Going Agile

    April 26, 2016 11:47 AM by Dr. Scott M. Shemwell

    Volume 5 Number 8—April 25, 2016

    Prologue

    This is the first in a three-part series. The remaining two parts will be published in May. These three editions of the blog will address critical issues the energy sector must address in the current market environment—how to develop Organizational Agility, Resilience and Sustainability. At the conclusion of this series readers will have access to our online Economic Value Proposition Matrix® model to assess the impact Organizational Agility, Resilience and Sustainability (OARS) can have on their business.

    Part One

    The construct of organizational agility has been around for over a decade.[i] Enabled by Information Technology by now all organizations should have achieved substantial agility. So what happened on the way to achieving agility?

    Leadership! Leadership! Leadership!

    Organizations are seen as agile if they can respond to conditions and behaviors, make decisions and capitalize/respond to opportunities/incidents more rapidly than others. Demonstrating this ability is often the subject of IT enabled case studies and the focus of software sales initiatives.[ii]

    However, becoming agile is not a function of the software license a firm chooses. Rather, it is a function of the organizational mindset or its Culture.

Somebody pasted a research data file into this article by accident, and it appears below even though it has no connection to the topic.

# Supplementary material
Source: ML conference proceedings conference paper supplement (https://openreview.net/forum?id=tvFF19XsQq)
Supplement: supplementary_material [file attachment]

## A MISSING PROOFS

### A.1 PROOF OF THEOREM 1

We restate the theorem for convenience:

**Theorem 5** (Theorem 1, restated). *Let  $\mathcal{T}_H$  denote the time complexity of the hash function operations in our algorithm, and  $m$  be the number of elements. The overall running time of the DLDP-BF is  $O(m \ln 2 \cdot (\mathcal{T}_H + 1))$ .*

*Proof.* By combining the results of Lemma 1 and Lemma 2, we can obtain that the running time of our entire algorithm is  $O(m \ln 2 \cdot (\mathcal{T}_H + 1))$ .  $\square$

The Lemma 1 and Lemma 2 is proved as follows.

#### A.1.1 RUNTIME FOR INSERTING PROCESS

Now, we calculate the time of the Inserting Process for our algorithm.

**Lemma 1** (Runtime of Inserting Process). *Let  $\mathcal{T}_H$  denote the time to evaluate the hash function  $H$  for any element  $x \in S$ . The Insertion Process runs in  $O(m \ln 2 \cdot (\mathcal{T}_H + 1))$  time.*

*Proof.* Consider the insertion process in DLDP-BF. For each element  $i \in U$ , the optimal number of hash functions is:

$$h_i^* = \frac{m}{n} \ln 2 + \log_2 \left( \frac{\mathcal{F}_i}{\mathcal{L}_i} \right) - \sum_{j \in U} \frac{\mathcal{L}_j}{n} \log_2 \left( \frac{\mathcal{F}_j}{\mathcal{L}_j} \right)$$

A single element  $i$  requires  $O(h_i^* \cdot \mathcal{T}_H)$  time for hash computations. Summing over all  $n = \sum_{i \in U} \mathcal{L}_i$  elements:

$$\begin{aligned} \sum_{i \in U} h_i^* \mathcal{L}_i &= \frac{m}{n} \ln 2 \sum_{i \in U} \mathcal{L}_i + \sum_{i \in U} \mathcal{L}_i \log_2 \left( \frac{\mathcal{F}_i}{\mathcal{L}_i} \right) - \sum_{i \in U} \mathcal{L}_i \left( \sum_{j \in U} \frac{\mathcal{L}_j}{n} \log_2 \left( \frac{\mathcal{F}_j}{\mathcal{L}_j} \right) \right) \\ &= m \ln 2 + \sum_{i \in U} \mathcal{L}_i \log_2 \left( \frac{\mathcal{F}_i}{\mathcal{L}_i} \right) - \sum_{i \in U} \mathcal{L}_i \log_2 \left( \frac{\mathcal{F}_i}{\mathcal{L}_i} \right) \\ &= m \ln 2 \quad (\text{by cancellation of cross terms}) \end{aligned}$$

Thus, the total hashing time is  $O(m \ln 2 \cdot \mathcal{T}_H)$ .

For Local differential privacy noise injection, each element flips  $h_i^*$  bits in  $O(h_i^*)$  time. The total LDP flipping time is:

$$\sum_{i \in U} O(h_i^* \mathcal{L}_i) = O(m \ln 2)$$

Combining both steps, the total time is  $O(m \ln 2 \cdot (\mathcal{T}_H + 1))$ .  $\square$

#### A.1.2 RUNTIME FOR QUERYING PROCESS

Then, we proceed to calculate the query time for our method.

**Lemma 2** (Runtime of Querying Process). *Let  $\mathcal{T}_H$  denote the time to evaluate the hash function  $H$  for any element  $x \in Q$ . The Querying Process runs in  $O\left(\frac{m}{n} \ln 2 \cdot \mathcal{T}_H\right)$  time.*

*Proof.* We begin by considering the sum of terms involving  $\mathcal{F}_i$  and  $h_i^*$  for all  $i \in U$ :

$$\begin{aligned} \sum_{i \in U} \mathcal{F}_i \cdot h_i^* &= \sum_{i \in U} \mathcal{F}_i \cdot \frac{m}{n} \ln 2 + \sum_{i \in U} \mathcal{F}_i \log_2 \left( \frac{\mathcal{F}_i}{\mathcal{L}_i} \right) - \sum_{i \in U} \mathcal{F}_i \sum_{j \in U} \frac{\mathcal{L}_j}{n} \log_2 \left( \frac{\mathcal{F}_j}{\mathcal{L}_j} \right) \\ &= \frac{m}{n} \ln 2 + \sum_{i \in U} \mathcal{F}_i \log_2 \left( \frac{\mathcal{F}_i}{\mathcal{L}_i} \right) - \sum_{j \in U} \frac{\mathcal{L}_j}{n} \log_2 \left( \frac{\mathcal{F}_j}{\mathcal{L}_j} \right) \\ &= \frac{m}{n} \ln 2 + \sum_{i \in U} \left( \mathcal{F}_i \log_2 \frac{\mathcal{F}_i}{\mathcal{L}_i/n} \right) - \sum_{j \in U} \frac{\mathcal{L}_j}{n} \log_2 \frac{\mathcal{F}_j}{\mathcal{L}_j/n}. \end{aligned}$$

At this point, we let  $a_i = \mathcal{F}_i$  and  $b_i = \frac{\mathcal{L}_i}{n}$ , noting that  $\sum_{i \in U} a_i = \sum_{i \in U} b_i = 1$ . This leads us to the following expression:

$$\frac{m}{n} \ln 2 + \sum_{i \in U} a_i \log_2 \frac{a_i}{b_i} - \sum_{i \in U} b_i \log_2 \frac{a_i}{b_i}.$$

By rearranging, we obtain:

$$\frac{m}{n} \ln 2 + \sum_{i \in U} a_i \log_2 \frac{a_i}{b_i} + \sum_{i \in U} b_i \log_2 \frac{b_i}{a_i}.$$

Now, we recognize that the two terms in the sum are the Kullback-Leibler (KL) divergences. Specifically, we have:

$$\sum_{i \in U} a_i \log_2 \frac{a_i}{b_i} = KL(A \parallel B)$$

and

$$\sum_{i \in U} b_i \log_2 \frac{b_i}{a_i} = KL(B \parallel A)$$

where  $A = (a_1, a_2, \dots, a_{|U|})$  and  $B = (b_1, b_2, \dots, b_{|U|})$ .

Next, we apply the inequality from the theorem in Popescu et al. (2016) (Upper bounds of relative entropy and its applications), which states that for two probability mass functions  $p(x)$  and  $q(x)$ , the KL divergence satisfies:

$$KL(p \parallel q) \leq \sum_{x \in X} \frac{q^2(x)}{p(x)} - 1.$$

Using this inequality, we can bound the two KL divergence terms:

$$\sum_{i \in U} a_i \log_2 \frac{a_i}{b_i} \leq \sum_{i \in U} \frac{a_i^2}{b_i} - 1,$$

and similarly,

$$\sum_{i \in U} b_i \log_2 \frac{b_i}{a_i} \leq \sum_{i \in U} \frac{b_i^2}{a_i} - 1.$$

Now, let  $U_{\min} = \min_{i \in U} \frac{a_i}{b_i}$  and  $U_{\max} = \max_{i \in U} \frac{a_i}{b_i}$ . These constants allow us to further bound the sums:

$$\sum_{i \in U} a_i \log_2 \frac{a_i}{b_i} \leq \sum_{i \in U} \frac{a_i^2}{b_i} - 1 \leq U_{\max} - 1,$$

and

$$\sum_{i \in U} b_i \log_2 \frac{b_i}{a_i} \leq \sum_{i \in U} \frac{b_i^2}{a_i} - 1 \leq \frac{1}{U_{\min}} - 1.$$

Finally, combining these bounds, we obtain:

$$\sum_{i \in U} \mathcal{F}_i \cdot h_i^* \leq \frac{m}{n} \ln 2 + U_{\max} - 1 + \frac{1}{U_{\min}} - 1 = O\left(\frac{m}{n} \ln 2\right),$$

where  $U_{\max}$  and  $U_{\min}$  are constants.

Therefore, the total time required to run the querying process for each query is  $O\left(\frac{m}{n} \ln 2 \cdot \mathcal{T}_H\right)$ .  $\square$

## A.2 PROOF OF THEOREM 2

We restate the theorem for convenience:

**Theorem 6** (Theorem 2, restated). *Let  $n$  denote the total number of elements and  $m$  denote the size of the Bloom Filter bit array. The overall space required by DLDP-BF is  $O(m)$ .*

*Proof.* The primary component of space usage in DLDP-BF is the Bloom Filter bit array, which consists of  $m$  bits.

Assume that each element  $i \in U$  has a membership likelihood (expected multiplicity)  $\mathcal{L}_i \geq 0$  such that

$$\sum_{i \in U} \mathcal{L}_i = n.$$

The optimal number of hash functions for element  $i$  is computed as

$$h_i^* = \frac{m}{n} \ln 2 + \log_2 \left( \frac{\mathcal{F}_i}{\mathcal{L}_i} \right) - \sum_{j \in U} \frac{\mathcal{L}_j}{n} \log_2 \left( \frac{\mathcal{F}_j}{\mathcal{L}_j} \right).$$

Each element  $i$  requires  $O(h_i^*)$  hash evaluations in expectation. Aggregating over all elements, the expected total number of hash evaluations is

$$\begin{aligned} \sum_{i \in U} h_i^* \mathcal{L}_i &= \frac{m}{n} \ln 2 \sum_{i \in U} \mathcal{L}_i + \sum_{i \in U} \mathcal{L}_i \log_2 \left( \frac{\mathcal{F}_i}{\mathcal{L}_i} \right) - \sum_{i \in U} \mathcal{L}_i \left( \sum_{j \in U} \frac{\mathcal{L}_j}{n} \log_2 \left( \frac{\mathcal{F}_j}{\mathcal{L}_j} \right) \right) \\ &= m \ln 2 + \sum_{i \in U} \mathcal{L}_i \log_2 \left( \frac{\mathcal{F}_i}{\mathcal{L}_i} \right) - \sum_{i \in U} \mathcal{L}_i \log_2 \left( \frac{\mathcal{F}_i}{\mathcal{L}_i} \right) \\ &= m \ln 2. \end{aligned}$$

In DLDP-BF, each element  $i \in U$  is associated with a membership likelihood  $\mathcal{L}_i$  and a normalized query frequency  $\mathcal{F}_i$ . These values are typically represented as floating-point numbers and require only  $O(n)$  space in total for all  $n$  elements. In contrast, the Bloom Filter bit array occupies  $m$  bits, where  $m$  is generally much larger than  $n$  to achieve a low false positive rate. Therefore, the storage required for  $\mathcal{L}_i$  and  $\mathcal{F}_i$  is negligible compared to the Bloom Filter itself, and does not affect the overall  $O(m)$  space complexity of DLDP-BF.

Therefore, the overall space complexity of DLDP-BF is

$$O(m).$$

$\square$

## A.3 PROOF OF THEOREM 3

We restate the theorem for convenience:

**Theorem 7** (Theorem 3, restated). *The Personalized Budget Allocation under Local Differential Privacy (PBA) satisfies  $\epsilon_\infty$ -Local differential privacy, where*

An organization cannot simply will itself to be agile, it must invest in the transformational process to change its culture. Before this investment is made, management must answer two questions. What is an agile organization? How will agility impact our bottom line and add stakeholder value?

    We have already partially answered the first question. Conditions, whether market, technology, regulatory or other can change very rapidly. As of this writing, the recent earthquake in Japan is affecting various automotive global supply chains.[iii]

    This incident was beyond control of that sector, or was it? Japan is a well-known earthquake prone geographic area. Preparation for the inevitable is critical.

    The Behaviors of the automotive companies affected can make difference not just in the short-term but sustained into the future.[iv] Supply chain disruptions are commonplace. How the firm responds is often a function of the Relationship it has with its vendors, government agencies and other sector constituents including customers and the public.

    The agileness of an organization is a function of its R B C model.[v] Strong linkages between the three elements indicate a high degree of agility. Conversely poor linkages or even broken linkages suggests poor or no communication amongst economic actors involved and lack of agility.